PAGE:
“There’s nothing like the connection between the baseball broadcaster and his audience,” Randall said. “It’s unlike any other sport. Baseball is the only sport I excelled in…. I lost my father when I was 10 years old, but not before he handed down baseball to me, so it’s always been a sacred trust and something that has been very special to me.”
After seven years broadcasting in the minor leagues, Randall made the transition to television when CNN was founded in 1980. He serves as the sports reporter for the New York bureau.
Randall’s career took him to ESPN – both on-air and on the radio – and to WFAN doing weekend updates when the station formed in 1987. In 2002, he began hosting “Ed Randall’s Talking Baseball” on 1050 ESPN Radio. He was soon asked to return to WFAN, and in 15 years, he’s interviewed almost 2,500 guests.
“Ed Randall’s Talking Baseball” airs Sunday mornings on WFAN from the week after the Super Bowl until the NFL season begins in the fall. On Saturday mornings, Randall co-hosts a national baseball nostalgia show “Remember When” on Sirius/XM Radio’s MLB Network Radio channel with fellow Catholic Rico Petrocelli, a Brooklynite known for his days as a third baseman with the Red Sox.
To round out his baseball responsibilities, he is on staff at MLB.com and hosts a podcast entitled “Ed Randall’s Talking Baseball.”
“I am blessed to be able to go to the ballpark and do what I do and renew my relationships and get paid for it,” said Randall, currently a parishioner at St. Augustine’s Church in Larchmont, N.Y. “It’s really something. I’ve never taken it for granted.”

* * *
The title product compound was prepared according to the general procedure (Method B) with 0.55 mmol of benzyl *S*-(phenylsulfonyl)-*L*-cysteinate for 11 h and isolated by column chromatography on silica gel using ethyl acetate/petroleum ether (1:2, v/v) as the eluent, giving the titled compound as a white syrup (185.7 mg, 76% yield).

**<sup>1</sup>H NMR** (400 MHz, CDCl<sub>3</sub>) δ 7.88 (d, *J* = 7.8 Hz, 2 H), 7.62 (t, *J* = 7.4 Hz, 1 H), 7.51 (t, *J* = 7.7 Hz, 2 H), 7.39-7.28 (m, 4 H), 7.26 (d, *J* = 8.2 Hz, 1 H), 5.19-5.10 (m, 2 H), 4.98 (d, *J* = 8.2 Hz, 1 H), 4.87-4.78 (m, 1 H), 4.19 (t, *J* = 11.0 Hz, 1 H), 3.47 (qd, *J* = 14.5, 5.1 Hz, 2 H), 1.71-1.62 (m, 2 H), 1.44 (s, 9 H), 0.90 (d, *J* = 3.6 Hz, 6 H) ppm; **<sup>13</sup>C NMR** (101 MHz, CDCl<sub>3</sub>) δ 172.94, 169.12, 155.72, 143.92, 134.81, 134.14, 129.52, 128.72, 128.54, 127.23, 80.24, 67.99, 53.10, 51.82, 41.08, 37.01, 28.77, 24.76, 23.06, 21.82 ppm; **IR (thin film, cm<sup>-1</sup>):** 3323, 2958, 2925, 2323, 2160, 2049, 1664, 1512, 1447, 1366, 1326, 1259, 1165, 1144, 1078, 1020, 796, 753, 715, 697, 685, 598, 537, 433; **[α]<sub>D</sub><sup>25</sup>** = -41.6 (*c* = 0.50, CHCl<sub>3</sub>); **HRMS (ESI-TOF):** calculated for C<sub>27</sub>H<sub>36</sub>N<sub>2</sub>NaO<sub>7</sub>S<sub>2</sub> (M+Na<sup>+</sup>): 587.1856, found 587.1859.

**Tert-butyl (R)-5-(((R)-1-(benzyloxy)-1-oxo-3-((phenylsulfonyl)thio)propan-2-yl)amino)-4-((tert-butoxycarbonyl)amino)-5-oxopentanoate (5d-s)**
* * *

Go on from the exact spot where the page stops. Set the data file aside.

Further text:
Second At-Bat in Life
Randall went for his annual medical examination in November 1999. The results of his blood test showed his prostate-specific antigens (PSA) levels were high. After a follow-up blood test, his prostate cancer diagnosis was confirmed. He was 47 years old at the time.
“I was shocked,” he said. “I had gone for a routine annual physical, at least I thought it was routine, and I had no history of cancer in the family, no symptoms.”
When Dr. Nicholas Romas told Randall about the cancer, Randall – forever the baseball fanatic in any situation – first asked if he was going to live. The doctor responded that there was a 90 percent chance since the cancer had been detected in an early stage.
“So I say to him (Dr. Romas), ‘You know, Whitey Ford was 9-1 his rookie year in 1950. That’s a .900 winning percentage and he’s in the Hall of Fame,’” Randall said.